Re: problem Boost libraries

"James Kanze" <>
Wed, 31 Jan 2007 08:07:54 CST
Bj?rn Roald wrote:

James Kanze wrote:

Bj?rn Roald wrote:


the distant past, I've even used a linker which processed each
library file sequentially (which required the library file to be
sorted according to dependencies).

I am not sure what you mean, but I guess you refer to sorting the
content (the object files) contained in the library?

Exactly. A bit like on early Unix, if you didn't use ranlib.

Each scan will honor the linking order you
specify. I am not sure whether this is what Visual Studio does, but I
could almost bet on it :-)

That I don't like. What would seem reasonable, however, would
be for the compiler to keep track of all of the symbols it sees
in the first scan, and where they are defined, and then use them
for resolving symbols in object files seen later.

Yep, I have also wondered why that is not done. But it may possibly
break working builds, as legacy link order may resolve to different
symbols. It certainly would avoid rescanning the files.

Whatever you do, you don't want to rescan files. That causes
more problems than it solves.

Historically, of course, the reason why it was not done is
simple: memory. You've got to save those symbols somewhere.
Today, of course, I doubt that this is a valid objection.

To tell the truth, I'm not sure what the "correct" solution here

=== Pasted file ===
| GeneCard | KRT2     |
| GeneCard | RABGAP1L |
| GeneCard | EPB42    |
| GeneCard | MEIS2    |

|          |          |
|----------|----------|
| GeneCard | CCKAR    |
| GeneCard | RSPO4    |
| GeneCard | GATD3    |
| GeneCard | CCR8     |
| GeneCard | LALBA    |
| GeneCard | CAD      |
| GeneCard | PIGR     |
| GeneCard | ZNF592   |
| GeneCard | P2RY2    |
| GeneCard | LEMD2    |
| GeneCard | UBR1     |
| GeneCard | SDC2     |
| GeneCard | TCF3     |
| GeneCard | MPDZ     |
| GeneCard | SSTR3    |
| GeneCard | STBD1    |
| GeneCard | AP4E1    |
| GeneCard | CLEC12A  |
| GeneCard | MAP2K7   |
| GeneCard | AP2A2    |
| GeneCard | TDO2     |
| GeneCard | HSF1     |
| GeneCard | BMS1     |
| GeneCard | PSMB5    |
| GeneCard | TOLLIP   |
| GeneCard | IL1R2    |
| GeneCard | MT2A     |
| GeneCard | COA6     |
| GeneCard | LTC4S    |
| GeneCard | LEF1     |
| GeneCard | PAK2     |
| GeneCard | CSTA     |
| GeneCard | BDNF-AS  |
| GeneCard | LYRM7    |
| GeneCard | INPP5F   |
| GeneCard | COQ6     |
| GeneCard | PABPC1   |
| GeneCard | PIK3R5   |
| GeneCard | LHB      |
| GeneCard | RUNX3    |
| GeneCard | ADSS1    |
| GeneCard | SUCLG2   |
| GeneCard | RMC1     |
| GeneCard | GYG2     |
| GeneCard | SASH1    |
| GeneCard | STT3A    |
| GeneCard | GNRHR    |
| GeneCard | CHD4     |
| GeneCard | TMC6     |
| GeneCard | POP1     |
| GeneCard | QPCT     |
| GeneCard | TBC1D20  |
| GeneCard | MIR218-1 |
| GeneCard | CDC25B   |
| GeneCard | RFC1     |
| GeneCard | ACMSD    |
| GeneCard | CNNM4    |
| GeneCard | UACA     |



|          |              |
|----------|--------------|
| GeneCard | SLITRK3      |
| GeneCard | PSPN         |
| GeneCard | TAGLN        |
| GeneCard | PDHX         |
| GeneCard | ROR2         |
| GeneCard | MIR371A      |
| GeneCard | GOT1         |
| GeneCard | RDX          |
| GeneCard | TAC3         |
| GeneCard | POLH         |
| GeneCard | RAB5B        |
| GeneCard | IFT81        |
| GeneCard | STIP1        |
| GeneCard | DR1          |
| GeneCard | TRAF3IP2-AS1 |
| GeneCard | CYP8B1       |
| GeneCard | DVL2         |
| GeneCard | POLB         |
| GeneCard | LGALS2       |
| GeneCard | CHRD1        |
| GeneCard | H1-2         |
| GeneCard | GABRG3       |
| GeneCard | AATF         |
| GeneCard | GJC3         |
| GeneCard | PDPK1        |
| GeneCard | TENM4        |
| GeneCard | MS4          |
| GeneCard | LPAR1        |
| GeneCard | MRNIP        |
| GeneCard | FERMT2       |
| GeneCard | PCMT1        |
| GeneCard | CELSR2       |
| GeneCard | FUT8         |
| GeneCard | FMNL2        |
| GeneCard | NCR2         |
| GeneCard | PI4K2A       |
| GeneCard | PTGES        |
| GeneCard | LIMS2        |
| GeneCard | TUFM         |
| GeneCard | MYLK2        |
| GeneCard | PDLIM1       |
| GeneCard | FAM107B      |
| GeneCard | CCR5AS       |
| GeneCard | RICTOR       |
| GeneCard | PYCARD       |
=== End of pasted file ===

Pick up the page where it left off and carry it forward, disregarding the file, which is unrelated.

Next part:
is. I'm so used to the classical solution (which is still the
usual solution under Unix) that anything else intuitively seems
strange. (The classical solution obviously gives you more
control. It does require more organization, but if the project
is correctly organized, the extra work is minimal. On the other
hand, does the added control ever buy you anything. And of
course, the third party libraries you are using may not be well
organized, or you may not know or understand the organization.)

Yes. What we could ask is if this classical solution make sense in it
self, or is it only an ill formed effect of limitations in legacy tools?

It makes sense. The question is just whether other solutions
make more sense.

As a feature it can be used to verify that dependencies does not violate
the allowed-dependencies in the design, but it is not close to a good
tool for that purpose. The negative result is that libraries can not be
arbitrary collections of translations. As you put it some organization
is required. And what do we gain from that?

Some organization is required in any case. What we get is that
the lack of organization may cause link time errors, rather than
some wierd run-time behavior, or an unmaintainable
configuration. But as you say, it's a side effect, not
guaranteed, and a purpose built tool for this might be a better

James Kanze (GABI Software)
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